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Hurston, Zora Neale (1891–1960) By Freeman Marshall, Jennifer

DOI: 10.4324/9781135000356-REM1509-1
Published: 02/05/2017
Retrieved: 23 July 2024, from


Zora Neale Hurston was a writer and anthropologist. Since the Black Arts and Feminist movements of the 1960s and 1970s, she has been commonly acclaimed for her authorship of Their Eyes Were Watching God (1937). She also penned poetry, short stories, plays, collections of folklore, journal articles, journalistic essays, and two ethnographies based on her anthropological fieldwork. Hurston was a prominent member of the Harlem Renaissance, variously referred to as the New Negro Movement or Negro Renaissance. This cultural arts and political movement was primarily concerned with addressing and uplifting conditions of Negro life, and central figures of the movement held complex and divergent views on how best to achieve this end. In general, the times called for a greater recognition of the abilities and contributions of Negro people in the USA and abroad, which included, for some, a celebration of southern US folk culture and references to African aesthetics. The renaissance spanned the period between 1917 and the mid-1930s and, although scholars offer various dates, it is generally marked by the end of the First World War through the Great Depression and includes the Great Migration of African Americans from the rural South to the more urban centers of the North and Midwest. As a literary movement, its critical debates and conventions overlap and are often inextricable from modernist literary trends during the same period. Hurston’s body of work, which spanned some thirty years, reflects this zeitgeist of narrative, vernacular, and thematic experimentation. Additionally, Hurston’s education and research within the relatively nascent field of American anthropology, also influenced by modernist trends in the social sciences, contributed to the experimental elements in her literary productions.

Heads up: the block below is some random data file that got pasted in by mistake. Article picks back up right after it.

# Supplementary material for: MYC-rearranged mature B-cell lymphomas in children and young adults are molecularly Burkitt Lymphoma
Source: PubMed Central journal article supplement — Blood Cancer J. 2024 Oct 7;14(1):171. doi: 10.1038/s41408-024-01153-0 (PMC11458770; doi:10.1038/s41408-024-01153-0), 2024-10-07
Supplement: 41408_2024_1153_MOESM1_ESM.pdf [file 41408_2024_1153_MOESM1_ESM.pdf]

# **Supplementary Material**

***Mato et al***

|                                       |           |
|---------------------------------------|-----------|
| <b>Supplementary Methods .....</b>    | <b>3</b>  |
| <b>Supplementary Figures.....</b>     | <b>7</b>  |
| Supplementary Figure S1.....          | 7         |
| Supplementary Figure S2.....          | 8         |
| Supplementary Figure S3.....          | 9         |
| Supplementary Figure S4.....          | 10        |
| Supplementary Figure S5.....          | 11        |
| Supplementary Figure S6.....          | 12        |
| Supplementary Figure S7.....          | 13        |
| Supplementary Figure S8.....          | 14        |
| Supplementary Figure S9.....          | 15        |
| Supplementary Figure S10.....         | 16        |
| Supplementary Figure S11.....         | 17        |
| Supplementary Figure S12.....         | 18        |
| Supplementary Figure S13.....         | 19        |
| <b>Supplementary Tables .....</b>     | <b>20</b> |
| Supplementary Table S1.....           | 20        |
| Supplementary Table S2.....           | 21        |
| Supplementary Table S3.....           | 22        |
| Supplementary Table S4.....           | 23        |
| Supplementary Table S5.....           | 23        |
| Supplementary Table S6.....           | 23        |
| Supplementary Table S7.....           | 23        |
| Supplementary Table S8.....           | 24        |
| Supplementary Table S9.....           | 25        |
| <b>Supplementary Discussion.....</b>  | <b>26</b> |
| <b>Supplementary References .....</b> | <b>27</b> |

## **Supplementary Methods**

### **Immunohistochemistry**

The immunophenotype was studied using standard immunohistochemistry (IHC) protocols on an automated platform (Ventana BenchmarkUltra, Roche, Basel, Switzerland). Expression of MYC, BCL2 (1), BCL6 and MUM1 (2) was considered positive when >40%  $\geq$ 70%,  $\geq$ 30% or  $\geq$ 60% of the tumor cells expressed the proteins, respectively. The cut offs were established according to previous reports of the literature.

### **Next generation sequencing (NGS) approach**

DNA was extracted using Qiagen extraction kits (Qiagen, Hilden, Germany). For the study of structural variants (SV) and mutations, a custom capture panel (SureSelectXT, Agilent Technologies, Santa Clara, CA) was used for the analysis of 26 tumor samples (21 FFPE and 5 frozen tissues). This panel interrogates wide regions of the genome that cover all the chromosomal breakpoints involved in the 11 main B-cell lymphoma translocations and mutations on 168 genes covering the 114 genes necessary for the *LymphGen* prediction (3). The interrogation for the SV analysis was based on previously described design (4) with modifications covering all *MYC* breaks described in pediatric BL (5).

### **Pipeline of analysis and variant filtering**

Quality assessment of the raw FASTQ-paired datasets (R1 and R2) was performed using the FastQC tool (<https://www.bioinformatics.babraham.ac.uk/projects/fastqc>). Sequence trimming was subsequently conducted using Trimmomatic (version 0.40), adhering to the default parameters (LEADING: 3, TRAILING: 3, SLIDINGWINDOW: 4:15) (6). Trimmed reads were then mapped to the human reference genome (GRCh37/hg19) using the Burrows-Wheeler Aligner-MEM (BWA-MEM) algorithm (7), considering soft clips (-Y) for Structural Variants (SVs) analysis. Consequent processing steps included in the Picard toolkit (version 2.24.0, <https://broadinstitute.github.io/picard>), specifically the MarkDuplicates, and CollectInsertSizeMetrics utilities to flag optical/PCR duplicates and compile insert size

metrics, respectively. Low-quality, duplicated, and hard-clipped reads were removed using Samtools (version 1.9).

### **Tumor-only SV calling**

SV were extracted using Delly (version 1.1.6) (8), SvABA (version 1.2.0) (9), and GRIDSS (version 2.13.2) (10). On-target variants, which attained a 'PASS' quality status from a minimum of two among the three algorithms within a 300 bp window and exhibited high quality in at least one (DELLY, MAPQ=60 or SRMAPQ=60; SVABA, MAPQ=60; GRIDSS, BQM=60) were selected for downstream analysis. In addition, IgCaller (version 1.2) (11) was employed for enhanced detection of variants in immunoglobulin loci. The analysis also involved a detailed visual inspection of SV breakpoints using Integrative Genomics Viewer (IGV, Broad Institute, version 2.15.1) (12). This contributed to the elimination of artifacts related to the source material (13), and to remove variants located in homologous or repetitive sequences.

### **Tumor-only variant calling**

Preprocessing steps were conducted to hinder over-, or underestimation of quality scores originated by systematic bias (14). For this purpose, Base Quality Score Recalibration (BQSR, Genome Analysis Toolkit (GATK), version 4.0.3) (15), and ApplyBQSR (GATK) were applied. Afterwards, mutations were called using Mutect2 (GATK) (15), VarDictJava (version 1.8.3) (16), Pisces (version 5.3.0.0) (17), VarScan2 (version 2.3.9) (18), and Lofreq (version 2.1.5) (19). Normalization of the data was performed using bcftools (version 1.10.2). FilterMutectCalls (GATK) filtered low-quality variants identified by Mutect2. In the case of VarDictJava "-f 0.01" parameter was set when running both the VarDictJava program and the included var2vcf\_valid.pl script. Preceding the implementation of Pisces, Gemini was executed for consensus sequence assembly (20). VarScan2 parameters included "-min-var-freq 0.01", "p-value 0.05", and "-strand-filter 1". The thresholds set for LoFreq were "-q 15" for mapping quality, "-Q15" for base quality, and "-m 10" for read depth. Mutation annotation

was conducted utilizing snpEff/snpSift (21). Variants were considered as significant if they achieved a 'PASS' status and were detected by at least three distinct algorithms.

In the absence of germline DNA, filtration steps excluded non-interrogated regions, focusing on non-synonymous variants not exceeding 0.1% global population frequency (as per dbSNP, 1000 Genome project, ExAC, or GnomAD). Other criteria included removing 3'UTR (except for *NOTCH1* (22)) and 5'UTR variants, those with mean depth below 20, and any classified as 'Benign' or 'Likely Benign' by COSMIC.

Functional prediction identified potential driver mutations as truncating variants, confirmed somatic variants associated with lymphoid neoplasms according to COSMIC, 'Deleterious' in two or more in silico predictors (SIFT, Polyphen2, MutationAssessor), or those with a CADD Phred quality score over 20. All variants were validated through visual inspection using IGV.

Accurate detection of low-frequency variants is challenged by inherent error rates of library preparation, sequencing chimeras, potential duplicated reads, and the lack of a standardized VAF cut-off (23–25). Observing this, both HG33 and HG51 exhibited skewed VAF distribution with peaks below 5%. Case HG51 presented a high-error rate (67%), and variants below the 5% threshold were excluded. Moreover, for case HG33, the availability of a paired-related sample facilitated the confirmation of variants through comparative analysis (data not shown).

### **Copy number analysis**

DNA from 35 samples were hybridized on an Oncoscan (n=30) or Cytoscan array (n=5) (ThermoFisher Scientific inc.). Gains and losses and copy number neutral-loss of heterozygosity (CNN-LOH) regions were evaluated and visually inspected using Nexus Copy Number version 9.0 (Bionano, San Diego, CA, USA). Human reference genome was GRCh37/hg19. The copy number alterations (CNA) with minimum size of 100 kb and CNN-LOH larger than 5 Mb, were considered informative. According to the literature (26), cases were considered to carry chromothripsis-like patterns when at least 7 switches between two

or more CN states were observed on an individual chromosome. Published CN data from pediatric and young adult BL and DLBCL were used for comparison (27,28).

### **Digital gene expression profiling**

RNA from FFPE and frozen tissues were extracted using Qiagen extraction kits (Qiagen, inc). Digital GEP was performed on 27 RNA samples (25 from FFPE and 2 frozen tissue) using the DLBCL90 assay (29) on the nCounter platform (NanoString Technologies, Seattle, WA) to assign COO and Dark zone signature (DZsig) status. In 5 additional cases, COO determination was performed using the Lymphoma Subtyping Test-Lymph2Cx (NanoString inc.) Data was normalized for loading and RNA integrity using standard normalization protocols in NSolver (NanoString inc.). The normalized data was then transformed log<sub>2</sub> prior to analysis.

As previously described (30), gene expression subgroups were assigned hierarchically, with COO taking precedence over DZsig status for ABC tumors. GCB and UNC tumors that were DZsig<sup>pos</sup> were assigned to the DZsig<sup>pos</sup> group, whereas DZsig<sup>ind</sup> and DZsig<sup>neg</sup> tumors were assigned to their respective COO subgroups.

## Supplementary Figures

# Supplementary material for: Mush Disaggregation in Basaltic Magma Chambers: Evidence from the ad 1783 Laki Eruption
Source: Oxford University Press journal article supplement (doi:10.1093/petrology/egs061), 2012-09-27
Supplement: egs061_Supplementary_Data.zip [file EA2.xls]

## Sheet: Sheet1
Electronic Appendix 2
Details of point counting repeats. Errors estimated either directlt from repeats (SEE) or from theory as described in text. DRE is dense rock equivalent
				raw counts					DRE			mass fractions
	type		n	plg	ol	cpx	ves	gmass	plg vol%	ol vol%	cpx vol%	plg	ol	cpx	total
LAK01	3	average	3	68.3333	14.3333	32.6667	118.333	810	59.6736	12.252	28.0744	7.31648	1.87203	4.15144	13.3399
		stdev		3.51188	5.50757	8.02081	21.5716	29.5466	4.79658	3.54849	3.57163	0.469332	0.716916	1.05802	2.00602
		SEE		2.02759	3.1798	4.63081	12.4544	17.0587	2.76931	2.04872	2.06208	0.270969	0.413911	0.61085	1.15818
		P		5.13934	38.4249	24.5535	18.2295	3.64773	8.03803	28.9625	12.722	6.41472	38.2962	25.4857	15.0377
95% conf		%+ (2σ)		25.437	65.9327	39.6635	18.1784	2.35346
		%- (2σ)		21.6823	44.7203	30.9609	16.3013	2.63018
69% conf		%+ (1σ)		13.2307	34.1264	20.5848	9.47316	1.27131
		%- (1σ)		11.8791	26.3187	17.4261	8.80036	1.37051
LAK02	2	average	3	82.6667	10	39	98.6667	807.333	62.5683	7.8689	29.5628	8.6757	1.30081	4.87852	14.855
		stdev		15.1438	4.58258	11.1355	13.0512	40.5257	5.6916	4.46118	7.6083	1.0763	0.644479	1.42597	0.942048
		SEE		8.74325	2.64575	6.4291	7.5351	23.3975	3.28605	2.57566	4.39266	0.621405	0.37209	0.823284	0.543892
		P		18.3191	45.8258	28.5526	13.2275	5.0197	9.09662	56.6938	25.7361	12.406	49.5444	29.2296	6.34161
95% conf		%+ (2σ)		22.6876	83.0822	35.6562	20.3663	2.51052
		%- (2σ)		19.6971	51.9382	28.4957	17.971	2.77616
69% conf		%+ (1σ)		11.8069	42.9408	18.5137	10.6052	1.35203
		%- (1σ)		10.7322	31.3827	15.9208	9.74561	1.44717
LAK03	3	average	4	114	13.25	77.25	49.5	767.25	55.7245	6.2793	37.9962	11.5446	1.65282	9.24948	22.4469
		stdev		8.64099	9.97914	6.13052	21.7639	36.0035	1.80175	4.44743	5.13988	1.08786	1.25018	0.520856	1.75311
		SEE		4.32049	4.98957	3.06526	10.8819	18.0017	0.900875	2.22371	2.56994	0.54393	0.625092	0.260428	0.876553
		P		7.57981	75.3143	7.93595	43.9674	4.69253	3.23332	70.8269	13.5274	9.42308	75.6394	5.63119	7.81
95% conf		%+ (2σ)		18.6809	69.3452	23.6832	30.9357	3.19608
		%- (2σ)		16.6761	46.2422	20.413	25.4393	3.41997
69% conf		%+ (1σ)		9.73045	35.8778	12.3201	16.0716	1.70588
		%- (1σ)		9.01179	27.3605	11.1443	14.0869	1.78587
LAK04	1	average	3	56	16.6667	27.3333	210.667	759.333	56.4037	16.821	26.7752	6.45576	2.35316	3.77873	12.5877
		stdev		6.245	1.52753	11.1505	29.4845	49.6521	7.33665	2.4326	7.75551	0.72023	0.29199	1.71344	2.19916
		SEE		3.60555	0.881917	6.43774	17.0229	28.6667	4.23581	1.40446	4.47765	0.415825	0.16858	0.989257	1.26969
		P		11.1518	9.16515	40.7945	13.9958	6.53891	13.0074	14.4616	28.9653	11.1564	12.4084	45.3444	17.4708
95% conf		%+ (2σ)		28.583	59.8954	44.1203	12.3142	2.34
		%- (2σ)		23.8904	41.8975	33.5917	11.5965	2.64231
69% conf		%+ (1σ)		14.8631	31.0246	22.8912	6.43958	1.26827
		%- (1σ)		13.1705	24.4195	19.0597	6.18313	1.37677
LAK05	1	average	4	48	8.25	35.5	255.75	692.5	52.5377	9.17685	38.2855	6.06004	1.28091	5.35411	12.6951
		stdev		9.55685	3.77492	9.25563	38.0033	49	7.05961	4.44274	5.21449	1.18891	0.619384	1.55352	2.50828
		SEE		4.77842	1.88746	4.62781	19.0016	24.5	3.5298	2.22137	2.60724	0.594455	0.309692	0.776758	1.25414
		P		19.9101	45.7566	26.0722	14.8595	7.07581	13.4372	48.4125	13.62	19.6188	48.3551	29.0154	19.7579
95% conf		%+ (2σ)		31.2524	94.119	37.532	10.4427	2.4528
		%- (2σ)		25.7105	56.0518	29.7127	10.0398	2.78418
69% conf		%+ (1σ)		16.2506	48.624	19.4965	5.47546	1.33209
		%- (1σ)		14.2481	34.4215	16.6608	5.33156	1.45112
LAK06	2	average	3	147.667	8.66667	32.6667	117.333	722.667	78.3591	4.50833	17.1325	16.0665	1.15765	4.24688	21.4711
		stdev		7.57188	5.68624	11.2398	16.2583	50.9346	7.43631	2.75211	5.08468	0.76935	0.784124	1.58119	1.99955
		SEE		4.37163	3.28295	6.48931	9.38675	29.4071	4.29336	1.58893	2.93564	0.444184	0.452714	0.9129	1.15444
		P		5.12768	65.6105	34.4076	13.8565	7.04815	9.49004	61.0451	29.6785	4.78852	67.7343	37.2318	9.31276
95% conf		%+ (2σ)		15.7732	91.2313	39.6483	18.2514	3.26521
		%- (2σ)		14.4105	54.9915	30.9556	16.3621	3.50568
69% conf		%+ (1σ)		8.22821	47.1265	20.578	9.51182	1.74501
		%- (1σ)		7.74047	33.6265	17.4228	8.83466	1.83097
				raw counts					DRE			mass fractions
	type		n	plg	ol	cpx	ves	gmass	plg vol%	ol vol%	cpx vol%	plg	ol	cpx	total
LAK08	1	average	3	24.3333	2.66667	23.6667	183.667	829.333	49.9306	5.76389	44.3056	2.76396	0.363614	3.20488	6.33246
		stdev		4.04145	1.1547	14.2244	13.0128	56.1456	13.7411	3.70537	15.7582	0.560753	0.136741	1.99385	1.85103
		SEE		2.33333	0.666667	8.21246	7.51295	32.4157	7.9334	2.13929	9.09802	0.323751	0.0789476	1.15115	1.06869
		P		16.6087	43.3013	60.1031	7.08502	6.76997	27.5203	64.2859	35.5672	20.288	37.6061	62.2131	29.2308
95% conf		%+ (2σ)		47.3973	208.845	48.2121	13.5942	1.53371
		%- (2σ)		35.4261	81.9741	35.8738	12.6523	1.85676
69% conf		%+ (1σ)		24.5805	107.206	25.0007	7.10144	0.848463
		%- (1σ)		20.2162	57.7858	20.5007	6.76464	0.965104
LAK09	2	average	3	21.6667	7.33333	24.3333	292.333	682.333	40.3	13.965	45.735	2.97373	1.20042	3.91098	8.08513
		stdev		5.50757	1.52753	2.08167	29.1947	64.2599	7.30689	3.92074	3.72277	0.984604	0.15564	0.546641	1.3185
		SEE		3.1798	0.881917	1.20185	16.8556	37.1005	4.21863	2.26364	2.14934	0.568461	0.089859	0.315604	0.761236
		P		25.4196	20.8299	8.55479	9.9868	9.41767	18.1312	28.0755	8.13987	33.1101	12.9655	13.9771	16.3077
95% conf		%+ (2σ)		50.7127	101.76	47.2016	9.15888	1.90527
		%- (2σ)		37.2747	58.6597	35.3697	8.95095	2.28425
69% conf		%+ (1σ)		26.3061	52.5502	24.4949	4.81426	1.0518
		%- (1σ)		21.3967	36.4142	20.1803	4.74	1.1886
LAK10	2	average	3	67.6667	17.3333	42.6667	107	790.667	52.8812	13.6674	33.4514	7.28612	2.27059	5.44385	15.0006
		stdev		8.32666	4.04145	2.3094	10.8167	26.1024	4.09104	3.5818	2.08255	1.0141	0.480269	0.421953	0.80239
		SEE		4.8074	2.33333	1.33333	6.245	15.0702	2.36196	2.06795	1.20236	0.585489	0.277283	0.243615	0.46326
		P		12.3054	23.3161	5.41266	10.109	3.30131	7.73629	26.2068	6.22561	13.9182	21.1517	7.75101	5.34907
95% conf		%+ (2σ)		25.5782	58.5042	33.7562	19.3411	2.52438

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Freeman Marshall, Jennifer. Hurston, Zora Neale (1891–1960). Routledge Encyclopedia of Modernism, Taylor and Francis,

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